…for being constantly forced to have his name in memory and the Saint himself ever before your mind that name was found as a refuge from every unlawful passion and evil thought and to such a degree did this feeling prevail that everywhere in high roads in the market in the fields in by paths his name might be heard to resound for was it only for his name that ye had this regard but also to the form of his person and that which ye had before done in respect of his name ye afterwards did in respect of his image. For very many had that sacred image depicted on rings on cups on bowls on the walls of their chambers and everywhere else so that not only might ye hear everywhere his holy name, but also see everywhere the image of his body and thus ye had a two fold source of consolation for his departure (p. 130).

Later in the council we see another “pro-icon” passage from John Chrysostom. The significance of the following passage is that it states that the image was “delighted in” for piety’s sake. While this may be for of an aesthetic nature, it lends credibility that pious meditation (which is not quite veneration) was considered by the council on the “veneration spectrum” per se:

John Chrysostom also in his discourse entitled, ‘That there is one Lawgiver of the Old and the New Testaments and On the Garment of the Priest,’ which begins ‘The Prophets also proclaim the Gospel of the kingdom of Christ after other things continues I have delighted in the picture drawn in wax for the sake of its piety, for I saw in a picture an Angel dispersing the troops of the Barbarians. I saw also the tribes of the Barbarians trodden under foot and the words of David verified, ‘Lord in thy city thou shalt bring their images to nought’ (p. 387).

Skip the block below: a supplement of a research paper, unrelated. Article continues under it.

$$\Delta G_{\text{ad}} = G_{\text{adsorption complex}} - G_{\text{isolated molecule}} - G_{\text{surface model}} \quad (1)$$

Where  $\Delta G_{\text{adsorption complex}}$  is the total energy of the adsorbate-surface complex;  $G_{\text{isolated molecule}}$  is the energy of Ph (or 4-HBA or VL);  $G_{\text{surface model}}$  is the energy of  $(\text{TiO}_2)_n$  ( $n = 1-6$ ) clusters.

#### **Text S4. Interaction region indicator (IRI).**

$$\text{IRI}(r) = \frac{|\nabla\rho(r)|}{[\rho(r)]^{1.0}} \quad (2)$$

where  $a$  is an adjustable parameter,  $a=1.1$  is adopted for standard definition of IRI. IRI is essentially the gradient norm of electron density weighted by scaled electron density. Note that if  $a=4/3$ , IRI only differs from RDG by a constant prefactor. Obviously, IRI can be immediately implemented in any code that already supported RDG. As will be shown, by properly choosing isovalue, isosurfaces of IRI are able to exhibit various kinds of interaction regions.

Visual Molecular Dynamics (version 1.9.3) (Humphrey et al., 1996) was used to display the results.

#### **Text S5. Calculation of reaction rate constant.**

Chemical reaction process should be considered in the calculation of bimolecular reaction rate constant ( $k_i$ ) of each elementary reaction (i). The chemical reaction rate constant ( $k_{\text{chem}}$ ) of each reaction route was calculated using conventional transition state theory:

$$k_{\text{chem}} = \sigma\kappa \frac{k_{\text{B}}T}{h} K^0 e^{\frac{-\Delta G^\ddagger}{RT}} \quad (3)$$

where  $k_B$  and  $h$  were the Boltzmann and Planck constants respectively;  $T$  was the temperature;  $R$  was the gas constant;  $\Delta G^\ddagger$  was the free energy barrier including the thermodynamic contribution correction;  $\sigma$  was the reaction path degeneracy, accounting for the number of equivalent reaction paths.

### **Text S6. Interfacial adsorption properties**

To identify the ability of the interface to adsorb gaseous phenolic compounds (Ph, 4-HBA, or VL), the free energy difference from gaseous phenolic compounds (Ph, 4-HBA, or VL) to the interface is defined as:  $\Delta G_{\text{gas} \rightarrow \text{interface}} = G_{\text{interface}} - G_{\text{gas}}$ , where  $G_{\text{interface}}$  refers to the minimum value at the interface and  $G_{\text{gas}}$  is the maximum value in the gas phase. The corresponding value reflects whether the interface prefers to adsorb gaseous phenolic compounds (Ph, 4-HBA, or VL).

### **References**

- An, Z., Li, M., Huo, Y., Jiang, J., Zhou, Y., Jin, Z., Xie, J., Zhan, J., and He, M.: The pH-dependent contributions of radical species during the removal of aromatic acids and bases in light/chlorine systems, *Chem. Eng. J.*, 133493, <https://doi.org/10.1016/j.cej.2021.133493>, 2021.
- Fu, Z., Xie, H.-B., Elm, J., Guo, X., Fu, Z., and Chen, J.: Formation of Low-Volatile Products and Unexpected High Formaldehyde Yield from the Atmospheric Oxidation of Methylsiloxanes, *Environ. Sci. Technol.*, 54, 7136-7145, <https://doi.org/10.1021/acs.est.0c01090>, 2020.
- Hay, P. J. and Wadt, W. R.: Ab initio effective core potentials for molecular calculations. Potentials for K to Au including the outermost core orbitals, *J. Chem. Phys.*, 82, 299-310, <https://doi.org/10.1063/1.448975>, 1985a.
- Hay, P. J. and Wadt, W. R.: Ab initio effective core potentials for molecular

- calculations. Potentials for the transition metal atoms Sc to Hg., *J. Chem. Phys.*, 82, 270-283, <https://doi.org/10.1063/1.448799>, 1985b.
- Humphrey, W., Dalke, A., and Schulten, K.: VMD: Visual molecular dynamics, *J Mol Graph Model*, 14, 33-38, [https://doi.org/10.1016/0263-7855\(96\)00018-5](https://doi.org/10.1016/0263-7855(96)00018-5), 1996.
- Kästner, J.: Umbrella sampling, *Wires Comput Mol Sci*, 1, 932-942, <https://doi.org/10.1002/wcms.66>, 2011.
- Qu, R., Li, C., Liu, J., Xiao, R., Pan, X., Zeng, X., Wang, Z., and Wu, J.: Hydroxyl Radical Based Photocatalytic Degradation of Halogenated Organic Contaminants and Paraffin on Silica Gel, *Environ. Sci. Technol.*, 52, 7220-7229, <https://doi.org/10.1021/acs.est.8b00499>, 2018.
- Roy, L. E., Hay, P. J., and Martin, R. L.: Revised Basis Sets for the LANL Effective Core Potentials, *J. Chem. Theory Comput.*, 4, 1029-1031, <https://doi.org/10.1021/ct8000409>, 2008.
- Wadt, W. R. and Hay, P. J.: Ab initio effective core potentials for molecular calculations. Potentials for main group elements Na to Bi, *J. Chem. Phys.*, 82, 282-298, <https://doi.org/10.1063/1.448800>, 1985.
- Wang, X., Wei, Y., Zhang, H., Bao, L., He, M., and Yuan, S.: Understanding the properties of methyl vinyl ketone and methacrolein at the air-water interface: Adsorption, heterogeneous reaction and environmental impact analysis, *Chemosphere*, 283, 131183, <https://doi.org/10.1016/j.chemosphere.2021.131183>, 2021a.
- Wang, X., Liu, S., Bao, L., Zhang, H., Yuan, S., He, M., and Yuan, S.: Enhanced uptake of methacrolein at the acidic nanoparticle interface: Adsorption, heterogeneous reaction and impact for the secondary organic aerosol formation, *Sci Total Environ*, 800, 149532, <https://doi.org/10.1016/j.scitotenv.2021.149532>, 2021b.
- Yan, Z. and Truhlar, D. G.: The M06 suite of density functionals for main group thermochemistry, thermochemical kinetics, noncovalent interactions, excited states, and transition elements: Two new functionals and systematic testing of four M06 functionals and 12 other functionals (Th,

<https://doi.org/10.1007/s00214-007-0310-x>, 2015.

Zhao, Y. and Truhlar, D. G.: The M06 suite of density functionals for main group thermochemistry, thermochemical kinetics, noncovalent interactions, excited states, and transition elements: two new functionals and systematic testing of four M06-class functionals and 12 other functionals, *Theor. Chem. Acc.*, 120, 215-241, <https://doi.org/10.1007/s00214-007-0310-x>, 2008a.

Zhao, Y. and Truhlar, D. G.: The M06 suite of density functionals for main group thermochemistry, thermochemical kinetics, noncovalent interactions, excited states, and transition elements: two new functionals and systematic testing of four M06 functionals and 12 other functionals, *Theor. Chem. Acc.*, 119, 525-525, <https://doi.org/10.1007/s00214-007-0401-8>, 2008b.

Also, later in the council, we have other passages that reveal in the fourth century icons were common place. First, let’s cite an anti-icon passage quoted by the council:

[The council of Hiera was quoted as saying:] To the same purpose speaks Amphilochius, Bishop of Iconium, ‘We need not to be anxious about portraying the carnal images of the Saints by colours on tablets, for we need not such things as these, but rather to imitate their good deeds by our virtues (p. 388).

The interesting thing about the preceding passage is that it does not consider icons idolatry, but wasteful. This is akin to Saint Ambrose opposing Saint Monica’s excesses in her veneration of the saints.

A pro-icon passage follows: